Split is a Mediterranean city on the eastern shores of the Adriatic Sea, centred around the ancient Roman Palace of the Emperor Diocletian and its bay and port. With a population of 178,192 citizens and a metropolitan area numbering up to 467,899, Split is by far the largest Dalmatian city and the second-largest city of Croatia. Spread over a central peninsula and its surroundings, Split's greater area includes the surrounding seaside towns as well. An intraregional transport hub, the city is a link to numerous Adriatic islands and the Apennine peninsula, as well as a popular tourist destination. Split is also one of the oldest cities in the area. While it is traditionally considered just over 1,700 years old counting from the construction of Diocletian's Palace in AD 305, archaeological research relating to the original founding of the city as the Greek colony of Aspálathos in the 6th century BC, establishes the urban tradition of the area as being several centuries older.
Split Photo Gallery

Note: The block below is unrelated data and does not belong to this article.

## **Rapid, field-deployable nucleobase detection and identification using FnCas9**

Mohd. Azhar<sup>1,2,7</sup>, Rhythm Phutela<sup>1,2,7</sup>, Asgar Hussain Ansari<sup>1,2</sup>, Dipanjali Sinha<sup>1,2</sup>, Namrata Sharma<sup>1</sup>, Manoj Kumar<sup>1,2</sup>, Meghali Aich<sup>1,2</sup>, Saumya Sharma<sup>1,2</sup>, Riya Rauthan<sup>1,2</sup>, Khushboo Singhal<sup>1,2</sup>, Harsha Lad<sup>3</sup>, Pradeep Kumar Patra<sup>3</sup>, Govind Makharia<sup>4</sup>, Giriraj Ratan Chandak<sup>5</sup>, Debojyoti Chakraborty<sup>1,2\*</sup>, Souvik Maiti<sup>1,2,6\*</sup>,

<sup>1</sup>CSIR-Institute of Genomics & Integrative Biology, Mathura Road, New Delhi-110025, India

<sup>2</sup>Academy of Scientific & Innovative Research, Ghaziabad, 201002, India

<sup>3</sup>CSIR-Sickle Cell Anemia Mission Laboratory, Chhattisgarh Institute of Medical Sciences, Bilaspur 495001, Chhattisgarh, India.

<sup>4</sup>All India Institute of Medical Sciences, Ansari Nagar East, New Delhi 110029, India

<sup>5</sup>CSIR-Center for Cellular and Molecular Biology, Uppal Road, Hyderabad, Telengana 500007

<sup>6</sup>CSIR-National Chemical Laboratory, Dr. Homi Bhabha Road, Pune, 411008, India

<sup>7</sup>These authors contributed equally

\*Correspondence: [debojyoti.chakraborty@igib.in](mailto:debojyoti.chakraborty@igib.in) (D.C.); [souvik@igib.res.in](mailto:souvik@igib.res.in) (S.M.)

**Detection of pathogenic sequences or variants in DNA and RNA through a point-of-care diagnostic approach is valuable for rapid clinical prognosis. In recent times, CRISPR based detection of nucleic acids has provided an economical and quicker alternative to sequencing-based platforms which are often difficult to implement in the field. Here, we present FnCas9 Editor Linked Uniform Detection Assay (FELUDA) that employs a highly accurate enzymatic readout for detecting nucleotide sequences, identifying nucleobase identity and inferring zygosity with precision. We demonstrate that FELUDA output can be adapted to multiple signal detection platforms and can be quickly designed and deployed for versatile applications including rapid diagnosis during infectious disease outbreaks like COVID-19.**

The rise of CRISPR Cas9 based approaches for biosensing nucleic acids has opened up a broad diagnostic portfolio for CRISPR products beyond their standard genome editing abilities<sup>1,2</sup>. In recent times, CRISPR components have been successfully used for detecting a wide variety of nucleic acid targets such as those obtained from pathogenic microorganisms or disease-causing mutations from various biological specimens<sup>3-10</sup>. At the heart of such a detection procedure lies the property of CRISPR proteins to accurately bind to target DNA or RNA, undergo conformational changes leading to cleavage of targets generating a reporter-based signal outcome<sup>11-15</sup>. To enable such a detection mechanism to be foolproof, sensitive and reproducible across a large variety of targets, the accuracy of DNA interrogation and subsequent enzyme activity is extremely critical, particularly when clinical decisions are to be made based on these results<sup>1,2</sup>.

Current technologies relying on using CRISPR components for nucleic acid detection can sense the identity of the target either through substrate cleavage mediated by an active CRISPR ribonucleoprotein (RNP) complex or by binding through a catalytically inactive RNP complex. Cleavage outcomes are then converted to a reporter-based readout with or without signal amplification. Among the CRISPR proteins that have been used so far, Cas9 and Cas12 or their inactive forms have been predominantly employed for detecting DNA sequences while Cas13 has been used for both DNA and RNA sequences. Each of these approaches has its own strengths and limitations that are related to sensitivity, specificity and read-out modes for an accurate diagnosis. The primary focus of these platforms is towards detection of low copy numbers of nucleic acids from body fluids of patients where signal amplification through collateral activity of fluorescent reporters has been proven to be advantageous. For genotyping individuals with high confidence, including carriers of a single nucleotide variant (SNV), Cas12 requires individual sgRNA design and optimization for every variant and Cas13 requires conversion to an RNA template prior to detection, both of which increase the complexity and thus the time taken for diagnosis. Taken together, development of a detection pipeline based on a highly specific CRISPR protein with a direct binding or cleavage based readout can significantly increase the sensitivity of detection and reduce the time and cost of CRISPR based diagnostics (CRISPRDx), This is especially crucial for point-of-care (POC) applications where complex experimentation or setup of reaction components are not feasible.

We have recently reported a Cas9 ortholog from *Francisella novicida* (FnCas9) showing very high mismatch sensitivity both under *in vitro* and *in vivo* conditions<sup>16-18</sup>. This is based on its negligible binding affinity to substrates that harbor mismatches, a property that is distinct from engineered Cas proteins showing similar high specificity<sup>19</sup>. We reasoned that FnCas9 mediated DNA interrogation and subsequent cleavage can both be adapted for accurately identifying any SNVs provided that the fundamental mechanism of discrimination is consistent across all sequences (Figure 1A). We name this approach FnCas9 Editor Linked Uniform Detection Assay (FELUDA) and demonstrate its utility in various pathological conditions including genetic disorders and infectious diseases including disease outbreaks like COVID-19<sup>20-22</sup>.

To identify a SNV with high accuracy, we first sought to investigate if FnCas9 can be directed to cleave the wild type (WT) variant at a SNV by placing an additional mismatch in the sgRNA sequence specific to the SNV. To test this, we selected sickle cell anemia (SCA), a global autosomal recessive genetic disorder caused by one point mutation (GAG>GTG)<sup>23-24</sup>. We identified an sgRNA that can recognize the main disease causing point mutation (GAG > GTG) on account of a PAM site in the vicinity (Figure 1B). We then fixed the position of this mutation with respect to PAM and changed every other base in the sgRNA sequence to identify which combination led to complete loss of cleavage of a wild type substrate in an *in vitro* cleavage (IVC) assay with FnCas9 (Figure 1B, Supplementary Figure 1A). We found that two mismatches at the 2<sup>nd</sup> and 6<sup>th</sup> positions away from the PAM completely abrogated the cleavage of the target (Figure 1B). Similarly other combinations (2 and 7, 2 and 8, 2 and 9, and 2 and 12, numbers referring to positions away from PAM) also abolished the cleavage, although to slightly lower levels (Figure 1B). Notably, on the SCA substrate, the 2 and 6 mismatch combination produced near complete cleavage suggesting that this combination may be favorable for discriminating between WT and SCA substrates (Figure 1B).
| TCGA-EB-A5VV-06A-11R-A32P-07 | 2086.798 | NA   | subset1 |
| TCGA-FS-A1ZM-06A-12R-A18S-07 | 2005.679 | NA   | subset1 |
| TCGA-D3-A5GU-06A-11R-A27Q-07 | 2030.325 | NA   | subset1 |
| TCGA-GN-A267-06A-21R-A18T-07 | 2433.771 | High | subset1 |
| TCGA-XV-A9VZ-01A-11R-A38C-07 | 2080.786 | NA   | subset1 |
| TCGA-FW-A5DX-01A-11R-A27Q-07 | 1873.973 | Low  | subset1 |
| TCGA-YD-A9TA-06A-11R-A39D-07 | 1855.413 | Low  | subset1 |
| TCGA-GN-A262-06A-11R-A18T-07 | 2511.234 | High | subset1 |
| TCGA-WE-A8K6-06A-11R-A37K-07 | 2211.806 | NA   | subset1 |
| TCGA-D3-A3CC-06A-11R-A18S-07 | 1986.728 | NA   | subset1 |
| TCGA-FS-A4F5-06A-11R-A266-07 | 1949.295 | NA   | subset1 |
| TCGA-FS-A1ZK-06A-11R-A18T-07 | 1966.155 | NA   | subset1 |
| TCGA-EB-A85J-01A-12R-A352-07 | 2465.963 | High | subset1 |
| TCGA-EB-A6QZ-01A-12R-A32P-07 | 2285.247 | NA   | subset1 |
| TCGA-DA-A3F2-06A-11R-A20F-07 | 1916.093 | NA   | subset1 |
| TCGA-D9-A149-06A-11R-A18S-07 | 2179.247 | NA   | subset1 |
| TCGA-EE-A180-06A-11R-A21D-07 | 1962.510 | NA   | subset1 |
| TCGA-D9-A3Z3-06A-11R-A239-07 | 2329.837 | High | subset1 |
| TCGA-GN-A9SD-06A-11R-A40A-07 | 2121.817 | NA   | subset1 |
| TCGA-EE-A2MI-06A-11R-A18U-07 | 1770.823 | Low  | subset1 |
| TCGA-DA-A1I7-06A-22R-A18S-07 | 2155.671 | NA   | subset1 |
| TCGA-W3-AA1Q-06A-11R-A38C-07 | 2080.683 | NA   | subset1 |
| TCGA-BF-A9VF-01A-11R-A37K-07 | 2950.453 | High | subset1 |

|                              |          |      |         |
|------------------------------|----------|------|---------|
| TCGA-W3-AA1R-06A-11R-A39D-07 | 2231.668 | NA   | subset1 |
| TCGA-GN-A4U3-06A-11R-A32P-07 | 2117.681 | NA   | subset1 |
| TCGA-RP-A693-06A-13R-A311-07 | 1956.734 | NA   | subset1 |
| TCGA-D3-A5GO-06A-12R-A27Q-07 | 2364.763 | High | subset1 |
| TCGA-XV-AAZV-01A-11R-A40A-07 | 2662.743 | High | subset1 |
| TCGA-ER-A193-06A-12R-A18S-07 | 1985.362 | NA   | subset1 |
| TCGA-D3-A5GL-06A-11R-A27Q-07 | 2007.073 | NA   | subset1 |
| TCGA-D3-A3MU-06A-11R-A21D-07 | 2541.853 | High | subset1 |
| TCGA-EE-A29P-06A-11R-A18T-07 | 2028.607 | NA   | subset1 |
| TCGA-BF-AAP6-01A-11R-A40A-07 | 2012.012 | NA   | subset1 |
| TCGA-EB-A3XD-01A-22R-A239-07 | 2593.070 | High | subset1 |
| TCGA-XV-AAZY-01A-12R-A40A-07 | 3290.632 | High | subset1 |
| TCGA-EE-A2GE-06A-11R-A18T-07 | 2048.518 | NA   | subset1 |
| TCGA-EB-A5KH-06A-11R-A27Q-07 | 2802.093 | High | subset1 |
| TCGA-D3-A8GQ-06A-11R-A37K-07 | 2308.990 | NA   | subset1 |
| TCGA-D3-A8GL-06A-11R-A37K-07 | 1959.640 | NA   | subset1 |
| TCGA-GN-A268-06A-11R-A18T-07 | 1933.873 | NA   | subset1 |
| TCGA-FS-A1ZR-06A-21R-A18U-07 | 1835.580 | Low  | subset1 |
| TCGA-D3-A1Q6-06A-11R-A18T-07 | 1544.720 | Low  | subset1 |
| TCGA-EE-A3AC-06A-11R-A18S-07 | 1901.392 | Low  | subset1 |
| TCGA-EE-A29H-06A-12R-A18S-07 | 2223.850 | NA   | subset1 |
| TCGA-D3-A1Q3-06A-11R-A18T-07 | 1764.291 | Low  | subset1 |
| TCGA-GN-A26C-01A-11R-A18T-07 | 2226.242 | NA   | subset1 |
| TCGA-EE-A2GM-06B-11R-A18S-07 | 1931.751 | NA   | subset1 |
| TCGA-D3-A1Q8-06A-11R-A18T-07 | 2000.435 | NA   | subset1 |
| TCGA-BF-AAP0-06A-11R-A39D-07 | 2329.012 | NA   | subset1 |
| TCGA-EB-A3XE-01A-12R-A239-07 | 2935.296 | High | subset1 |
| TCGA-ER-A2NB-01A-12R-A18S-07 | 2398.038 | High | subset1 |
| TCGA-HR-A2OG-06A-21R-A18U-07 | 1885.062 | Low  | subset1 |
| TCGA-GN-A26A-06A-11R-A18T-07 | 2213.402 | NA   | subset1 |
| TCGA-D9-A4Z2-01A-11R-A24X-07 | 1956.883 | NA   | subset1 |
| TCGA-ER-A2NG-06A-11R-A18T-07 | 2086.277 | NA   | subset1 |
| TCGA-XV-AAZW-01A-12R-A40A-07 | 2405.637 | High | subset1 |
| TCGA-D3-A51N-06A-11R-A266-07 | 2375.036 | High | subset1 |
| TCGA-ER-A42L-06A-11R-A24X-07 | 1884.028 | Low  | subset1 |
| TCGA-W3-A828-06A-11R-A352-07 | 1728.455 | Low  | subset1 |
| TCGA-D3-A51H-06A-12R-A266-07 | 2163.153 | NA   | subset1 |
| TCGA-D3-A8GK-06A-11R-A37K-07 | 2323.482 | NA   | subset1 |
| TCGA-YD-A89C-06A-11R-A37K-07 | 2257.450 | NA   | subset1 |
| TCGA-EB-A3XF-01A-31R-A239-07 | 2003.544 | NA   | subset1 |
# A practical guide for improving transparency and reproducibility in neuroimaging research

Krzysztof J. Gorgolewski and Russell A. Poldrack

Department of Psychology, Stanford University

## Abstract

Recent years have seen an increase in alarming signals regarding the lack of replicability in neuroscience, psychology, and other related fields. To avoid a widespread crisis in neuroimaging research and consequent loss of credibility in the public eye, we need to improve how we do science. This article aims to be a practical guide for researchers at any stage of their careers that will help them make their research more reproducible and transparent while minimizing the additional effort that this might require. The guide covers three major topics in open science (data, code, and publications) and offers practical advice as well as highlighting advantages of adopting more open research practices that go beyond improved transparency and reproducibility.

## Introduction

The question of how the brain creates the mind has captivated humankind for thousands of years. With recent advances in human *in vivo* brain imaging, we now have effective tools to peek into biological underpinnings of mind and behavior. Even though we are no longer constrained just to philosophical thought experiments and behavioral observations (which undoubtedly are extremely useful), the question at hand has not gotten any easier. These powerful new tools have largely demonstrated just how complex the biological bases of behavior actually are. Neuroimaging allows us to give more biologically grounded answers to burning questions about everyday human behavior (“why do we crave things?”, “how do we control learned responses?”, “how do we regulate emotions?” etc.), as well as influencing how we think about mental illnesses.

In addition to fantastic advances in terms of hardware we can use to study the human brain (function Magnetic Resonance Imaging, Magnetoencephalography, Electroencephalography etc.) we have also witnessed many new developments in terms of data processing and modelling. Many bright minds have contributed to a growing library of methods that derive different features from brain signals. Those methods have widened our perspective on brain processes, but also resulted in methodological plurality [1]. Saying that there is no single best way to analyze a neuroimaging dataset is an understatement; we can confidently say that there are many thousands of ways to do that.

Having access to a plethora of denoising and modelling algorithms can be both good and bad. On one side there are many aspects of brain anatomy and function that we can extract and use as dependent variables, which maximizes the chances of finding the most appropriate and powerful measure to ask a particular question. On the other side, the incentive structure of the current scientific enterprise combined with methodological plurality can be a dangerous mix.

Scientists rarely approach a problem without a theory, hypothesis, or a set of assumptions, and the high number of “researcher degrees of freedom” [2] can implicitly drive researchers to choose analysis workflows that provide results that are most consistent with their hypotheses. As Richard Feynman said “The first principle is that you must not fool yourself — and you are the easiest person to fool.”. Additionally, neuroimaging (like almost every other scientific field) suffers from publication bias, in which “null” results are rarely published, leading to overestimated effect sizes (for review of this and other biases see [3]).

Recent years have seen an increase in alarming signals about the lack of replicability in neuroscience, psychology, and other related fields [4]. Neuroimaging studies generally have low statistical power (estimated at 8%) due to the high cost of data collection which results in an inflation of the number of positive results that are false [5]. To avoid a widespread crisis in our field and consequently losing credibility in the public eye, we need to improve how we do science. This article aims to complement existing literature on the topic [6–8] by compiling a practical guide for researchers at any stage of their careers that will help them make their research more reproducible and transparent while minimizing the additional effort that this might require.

The city draws its name from the spiny broom (calicotome spinosa; brnistra or žuka in modern Croatian), a common shrub in the area, after which the Greek colony of Aspálathos or Spálathos, from which the city originates, was named. As the city became a Roman possession, the Latin name became "Spalatum", which in the Middle Ages evolved into "Spalatro" in the Dalmatian language of the city's Romance population. The South Slavic version became "Split", while the Italian version was "Spalato". During a period in the early 19th century the name was "Spljet", and finally "Split" once more. Split is situated on a peninsula between the eastern part of the Gulf of Kaštela and the Split Channel. The Marjan hill (178 m), rises in the western part of the peninsula. The ridges Kozjak (779 m) and his brother Mosor (1339 m) protect the city from the north and northeast, and separate it from the hinterland. Split has a Mediterranean climate. It has hot, relatively dry summers and mild, wet winters (however, winters can sometimes feel cold, because of the north wind Bura and its windchill factor - for example, if the air temperature is 5 °C (41 °F) and strong bura is blowing, it feels like -10 °C (14 °F). Average annual rainfall is more than 820 mm (32.28 in). July is the hottest month, with an average high temperature around 30 °C (86 °F). January is the coldest month, with an average low temperature around 5 °C (41 °F). November is the wettest month, with a precipitation total of nearly 113 mm (4.45 in) and 12 rainy days. July is the driest month, with a precipitation total of around 26 mm (1.02 in). Winter is the wettest season; however, it can rain in Split at any time of the year. Snow is usually rare; since record-keeping began the months of December and January have accrued 1 snowy day on average, while February has averaged 2. In February 2012, Split received unusually large amount of snow which caused major problems with traffic. Split receives more than 2,600 sunshine hours annually.